The regime of Syrian President Bashar al-Assad is cooperating with United Nations weapons inspectors to the satisfaction of the Obama administration, according to Secretary of State John Kerry.
The first chemical weapons were destroyed Sunday.
But this is just the beginning. The Syrian civil war continues after two years, with the U.N. estimating 100,000 have been killed and millions more have been displaced as a result of the conflict.
Among the dead is Marie Colvin, an acclaimed reporter for the British Sunday Times who was killed in Homs in February 2012, along with French photojournalist Remi Ochlik. The makeshift media center where she was located was struck in a bombardment carried out by the Syrian regime.
Paul Conroy was also at the media center when it was attacked and was badly hurt in the attack that killed Colvin. Colvin had invited Conroy to join her in Syria when the fighting broke out in 2011. Conroy has turned that reporting trip with Colvin, who was famous for the eye patch she wore after an incident in Sri Lanka, into a new book, "Under the Wire."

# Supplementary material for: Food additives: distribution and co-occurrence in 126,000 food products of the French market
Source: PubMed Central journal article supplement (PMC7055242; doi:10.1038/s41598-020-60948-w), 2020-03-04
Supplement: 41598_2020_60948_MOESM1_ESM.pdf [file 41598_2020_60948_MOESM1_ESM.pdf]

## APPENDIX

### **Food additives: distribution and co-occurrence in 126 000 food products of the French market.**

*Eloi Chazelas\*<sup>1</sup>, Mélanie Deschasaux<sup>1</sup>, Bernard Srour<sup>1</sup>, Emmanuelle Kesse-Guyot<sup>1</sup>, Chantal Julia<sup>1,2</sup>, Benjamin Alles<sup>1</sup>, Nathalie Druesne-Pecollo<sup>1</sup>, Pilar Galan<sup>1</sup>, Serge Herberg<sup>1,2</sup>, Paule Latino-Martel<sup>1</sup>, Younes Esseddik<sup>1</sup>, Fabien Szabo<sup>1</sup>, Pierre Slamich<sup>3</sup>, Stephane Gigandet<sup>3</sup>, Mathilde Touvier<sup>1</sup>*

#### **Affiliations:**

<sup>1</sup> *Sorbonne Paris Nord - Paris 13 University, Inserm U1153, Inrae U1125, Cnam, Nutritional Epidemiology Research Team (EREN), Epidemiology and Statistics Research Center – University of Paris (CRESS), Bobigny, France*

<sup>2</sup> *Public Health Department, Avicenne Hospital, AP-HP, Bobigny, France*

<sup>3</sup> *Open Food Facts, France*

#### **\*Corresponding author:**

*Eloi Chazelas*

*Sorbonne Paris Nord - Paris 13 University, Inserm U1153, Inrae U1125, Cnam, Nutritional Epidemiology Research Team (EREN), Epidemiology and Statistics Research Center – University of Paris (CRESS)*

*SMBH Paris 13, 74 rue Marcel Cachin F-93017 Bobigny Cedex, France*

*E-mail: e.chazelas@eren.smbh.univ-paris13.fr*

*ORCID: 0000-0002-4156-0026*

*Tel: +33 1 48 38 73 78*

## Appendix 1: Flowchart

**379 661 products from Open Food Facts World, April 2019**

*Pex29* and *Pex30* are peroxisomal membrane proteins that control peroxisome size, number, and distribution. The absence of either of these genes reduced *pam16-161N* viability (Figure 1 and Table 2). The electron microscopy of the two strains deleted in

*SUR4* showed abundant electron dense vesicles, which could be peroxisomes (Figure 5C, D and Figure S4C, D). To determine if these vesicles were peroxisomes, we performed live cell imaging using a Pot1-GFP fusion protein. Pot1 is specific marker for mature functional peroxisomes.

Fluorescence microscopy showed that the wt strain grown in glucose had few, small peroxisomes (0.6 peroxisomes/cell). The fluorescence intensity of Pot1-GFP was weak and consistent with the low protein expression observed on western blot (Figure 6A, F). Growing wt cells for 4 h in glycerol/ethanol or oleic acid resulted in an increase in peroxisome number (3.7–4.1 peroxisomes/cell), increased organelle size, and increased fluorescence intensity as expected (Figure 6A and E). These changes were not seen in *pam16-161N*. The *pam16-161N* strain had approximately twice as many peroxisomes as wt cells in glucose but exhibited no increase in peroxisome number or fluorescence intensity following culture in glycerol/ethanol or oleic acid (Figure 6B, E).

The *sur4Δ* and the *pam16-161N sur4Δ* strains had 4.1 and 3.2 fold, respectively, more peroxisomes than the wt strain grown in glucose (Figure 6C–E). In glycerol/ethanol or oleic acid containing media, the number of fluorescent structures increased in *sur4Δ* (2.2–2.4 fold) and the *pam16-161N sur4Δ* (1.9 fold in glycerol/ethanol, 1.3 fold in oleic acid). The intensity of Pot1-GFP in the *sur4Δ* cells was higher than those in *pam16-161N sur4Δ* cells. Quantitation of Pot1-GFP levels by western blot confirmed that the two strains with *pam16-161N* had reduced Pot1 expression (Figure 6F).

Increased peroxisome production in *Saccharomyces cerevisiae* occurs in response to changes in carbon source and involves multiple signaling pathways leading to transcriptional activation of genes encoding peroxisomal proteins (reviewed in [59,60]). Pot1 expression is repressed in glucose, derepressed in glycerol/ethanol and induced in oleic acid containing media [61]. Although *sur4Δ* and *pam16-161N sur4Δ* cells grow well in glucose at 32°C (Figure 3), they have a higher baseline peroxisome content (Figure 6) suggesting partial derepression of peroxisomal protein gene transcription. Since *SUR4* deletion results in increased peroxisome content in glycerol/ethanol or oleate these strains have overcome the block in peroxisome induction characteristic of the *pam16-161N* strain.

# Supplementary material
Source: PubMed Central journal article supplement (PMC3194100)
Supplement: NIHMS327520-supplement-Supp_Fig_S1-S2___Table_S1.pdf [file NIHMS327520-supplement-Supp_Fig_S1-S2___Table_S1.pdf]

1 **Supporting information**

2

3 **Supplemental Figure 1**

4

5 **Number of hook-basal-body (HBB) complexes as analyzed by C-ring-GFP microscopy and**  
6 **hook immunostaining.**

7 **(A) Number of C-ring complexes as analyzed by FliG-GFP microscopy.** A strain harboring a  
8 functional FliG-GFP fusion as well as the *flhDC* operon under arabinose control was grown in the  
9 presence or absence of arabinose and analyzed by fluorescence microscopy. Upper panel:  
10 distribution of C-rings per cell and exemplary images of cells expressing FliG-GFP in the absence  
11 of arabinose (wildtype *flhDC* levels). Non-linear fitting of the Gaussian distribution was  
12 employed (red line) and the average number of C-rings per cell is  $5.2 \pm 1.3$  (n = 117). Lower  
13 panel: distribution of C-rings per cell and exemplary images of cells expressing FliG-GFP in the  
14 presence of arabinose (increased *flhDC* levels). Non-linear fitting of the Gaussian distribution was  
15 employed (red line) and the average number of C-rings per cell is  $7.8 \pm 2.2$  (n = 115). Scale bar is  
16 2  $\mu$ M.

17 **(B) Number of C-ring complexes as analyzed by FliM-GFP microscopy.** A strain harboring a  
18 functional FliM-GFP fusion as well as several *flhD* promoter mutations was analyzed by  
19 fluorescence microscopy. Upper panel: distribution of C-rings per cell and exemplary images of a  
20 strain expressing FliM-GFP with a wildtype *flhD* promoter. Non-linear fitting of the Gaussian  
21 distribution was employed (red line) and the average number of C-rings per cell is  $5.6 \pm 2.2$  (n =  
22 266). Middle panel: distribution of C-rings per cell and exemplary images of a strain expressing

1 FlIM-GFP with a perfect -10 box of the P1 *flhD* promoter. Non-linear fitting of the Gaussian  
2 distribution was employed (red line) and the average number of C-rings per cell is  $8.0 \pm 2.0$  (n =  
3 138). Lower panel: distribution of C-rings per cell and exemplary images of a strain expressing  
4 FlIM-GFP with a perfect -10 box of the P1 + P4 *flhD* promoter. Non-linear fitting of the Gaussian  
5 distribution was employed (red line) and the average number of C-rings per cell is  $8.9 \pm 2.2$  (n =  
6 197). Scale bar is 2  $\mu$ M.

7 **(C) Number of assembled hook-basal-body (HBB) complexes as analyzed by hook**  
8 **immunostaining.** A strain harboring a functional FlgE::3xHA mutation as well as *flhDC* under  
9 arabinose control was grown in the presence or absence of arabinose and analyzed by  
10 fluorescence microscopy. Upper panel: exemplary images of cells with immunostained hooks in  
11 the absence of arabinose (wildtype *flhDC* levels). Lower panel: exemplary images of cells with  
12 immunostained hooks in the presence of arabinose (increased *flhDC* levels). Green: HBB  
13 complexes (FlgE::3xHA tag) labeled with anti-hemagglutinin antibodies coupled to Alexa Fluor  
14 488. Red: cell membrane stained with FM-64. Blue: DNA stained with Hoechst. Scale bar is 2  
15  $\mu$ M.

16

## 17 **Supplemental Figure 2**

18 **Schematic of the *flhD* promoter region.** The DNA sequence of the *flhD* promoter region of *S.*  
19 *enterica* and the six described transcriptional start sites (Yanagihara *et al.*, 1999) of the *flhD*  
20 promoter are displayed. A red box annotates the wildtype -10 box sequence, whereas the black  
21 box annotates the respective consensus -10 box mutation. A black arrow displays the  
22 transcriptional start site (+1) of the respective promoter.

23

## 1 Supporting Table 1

Turns out, writing the book was a form of therapy for the survivor.
"When I was brought out of Syria, and had the bad injuries — I couldn't walk and was in a hospital bed — in essence I brought Marie back to life writing the book," Conroy said. "I remember sitting, writing, and just going through virtually every conversation we had on that final assignment."
Conroy says as the final rocket was launched, he was actually preparing his camera to document what residents go through during a barrage. They'd already survived three previous rocket detonations relatively unscathed.
"I just felt like a piece of stone, a rock had hit me, like I'd been hit by masonry," Conroy recalled. "When I put my hand down to feel the wound my hand slipped through my leg — it went in one side and out the other."
After applying a make-shift tourniquet, he started looking for Colvin. He quickly found her, as well as Ochlik, and realized they were both dead.
But while the book recounts the final incident, it goes beyond that. It also looks at how Colvin related to people — even making them laugh in seemingly dark circumstances.